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the fusion of the assessment team’s knowledge and

experience with all the information collected during an assessment, including informal measures, such as interviews with parents or observation of the child, and standardized measures such as test scores. Another commenter recommended that States be allowed to define informed clinical opinion based on the definition of developmental delay for the State.

Lastly, a few commenters requested clarification of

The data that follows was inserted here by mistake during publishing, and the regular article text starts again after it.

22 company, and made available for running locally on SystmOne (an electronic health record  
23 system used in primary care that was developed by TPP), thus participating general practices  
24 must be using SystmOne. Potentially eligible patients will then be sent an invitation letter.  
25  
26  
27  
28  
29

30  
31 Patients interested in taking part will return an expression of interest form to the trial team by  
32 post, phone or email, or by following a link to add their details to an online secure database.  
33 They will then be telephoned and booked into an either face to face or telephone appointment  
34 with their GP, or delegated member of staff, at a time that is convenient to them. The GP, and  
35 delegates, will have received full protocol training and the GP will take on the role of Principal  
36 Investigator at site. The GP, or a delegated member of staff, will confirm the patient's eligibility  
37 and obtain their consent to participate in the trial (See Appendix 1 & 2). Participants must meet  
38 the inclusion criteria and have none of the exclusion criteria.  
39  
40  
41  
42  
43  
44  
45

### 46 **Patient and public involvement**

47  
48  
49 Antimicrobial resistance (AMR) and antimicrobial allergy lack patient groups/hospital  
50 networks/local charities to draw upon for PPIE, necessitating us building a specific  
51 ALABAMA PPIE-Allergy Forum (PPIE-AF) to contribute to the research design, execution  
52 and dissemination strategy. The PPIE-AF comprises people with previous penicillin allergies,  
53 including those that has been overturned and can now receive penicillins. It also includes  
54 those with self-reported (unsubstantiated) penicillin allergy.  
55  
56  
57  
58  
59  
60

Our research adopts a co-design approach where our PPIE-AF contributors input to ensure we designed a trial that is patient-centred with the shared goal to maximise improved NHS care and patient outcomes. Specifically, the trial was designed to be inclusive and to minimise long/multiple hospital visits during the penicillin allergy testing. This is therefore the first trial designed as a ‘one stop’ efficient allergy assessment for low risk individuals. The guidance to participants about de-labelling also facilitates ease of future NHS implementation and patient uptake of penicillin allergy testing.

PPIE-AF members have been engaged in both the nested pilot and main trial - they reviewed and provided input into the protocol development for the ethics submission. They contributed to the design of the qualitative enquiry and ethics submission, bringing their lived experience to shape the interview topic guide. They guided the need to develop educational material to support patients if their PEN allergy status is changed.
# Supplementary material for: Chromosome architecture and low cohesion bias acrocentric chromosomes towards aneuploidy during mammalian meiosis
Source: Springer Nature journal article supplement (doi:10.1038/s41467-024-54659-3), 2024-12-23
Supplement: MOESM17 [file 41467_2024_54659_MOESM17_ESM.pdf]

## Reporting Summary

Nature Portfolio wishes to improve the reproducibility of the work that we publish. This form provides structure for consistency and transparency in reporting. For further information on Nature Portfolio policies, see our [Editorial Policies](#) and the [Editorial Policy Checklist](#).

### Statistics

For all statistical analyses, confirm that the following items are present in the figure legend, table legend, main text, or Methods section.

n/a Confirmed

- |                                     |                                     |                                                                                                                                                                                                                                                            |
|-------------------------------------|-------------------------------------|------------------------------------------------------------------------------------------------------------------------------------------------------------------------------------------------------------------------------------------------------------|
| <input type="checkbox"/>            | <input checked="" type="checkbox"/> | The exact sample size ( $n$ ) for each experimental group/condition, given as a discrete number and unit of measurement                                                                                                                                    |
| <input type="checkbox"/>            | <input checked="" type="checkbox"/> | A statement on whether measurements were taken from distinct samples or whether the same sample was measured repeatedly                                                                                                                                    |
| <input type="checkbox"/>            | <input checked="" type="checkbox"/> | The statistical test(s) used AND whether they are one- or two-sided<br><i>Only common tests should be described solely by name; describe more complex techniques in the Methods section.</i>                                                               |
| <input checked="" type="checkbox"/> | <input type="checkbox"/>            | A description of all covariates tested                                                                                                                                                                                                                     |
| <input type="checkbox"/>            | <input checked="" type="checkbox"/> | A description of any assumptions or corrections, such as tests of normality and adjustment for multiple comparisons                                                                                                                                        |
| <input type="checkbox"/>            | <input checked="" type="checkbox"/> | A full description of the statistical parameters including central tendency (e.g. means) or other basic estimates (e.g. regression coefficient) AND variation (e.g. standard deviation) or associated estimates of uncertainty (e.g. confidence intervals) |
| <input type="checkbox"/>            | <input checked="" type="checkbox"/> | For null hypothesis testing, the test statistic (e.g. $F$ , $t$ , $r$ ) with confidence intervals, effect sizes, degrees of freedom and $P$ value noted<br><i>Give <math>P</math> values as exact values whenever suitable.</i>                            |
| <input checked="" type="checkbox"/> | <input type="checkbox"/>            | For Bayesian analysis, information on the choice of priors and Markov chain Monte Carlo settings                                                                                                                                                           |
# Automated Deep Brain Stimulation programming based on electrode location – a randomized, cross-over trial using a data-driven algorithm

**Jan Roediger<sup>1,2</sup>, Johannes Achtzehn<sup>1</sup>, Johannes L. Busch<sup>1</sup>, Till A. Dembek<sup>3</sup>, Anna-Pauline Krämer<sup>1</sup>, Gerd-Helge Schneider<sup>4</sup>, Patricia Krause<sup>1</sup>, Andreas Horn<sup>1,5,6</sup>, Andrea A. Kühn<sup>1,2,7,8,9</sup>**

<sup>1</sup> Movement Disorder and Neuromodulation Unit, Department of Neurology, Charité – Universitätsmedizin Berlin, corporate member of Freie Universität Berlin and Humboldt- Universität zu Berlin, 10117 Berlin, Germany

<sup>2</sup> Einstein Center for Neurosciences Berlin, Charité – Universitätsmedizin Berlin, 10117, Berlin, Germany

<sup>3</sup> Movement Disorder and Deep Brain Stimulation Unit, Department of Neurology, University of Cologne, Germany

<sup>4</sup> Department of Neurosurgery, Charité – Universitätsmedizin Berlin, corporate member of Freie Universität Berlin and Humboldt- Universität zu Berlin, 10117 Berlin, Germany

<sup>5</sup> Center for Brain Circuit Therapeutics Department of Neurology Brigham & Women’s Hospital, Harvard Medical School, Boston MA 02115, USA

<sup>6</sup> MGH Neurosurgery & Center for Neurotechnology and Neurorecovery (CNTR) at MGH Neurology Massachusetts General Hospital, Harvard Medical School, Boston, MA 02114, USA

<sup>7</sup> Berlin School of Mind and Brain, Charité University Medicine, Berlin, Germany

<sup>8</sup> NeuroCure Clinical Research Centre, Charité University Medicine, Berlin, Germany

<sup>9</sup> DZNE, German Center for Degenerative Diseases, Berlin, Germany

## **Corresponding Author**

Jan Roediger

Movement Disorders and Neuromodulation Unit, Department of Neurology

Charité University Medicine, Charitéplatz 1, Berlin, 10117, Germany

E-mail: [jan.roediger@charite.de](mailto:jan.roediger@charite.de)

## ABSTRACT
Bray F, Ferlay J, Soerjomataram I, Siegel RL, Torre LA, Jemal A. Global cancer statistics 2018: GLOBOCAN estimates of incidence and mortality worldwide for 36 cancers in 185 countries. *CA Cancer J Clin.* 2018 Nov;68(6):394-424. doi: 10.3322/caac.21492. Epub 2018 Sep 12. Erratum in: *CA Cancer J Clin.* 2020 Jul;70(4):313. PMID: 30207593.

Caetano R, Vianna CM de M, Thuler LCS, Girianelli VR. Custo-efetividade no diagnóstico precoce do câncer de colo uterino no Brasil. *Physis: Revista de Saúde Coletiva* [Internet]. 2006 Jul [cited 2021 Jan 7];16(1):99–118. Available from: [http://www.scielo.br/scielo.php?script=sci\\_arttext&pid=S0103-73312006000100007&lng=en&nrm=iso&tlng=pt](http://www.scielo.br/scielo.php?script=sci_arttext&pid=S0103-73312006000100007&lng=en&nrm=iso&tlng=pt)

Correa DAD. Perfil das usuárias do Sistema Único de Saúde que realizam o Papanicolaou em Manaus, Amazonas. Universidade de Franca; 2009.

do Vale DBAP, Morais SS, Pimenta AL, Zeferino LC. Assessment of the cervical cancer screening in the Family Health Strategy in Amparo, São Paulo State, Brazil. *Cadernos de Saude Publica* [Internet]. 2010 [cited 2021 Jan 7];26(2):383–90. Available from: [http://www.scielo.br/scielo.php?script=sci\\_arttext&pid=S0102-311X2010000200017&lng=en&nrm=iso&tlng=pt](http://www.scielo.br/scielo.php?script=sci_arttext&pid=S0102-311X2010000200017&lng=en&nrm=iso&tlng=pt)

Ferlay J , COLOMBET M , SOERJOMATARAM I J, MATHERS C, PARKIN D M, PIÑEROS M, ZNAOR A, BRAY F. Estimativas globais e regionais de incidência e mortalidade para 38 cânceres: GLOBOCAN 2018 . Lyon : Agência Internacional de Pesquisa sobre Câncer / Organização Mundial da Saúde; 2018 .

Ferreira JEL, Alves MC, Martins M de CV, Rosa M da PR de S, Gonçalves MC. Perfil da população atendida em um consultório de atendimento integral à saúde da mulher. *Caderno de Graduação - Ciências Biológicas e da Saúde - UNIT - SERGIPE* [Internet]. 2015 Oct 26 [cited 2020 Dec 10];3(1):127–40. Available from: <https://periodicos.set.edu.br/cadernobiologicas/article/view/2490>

the last phrase of new §303.321(a)(3)(ii) (proposed

§303.320(b)(2)), which states that informed clinical

opinion may not negate the results of assessment instruments used to establish eligibility.

Discussion: As set forth in new §303.321(a)(3)(ii),

qualified personnel must use their informed clinical opinion when conducting an evaluation or an assessment of a child. The use of informed clinical opinion by qualified personnel is neither an objective criterion nor a separate assessment strategy. Rather, informed clinical opinion is the way in which qualified personnel utilize their cumulative knowledge and experience in evaluating and assessing a child and in interpreting the results of evaluation and assessment instruments.

With regard to allowing States to define informed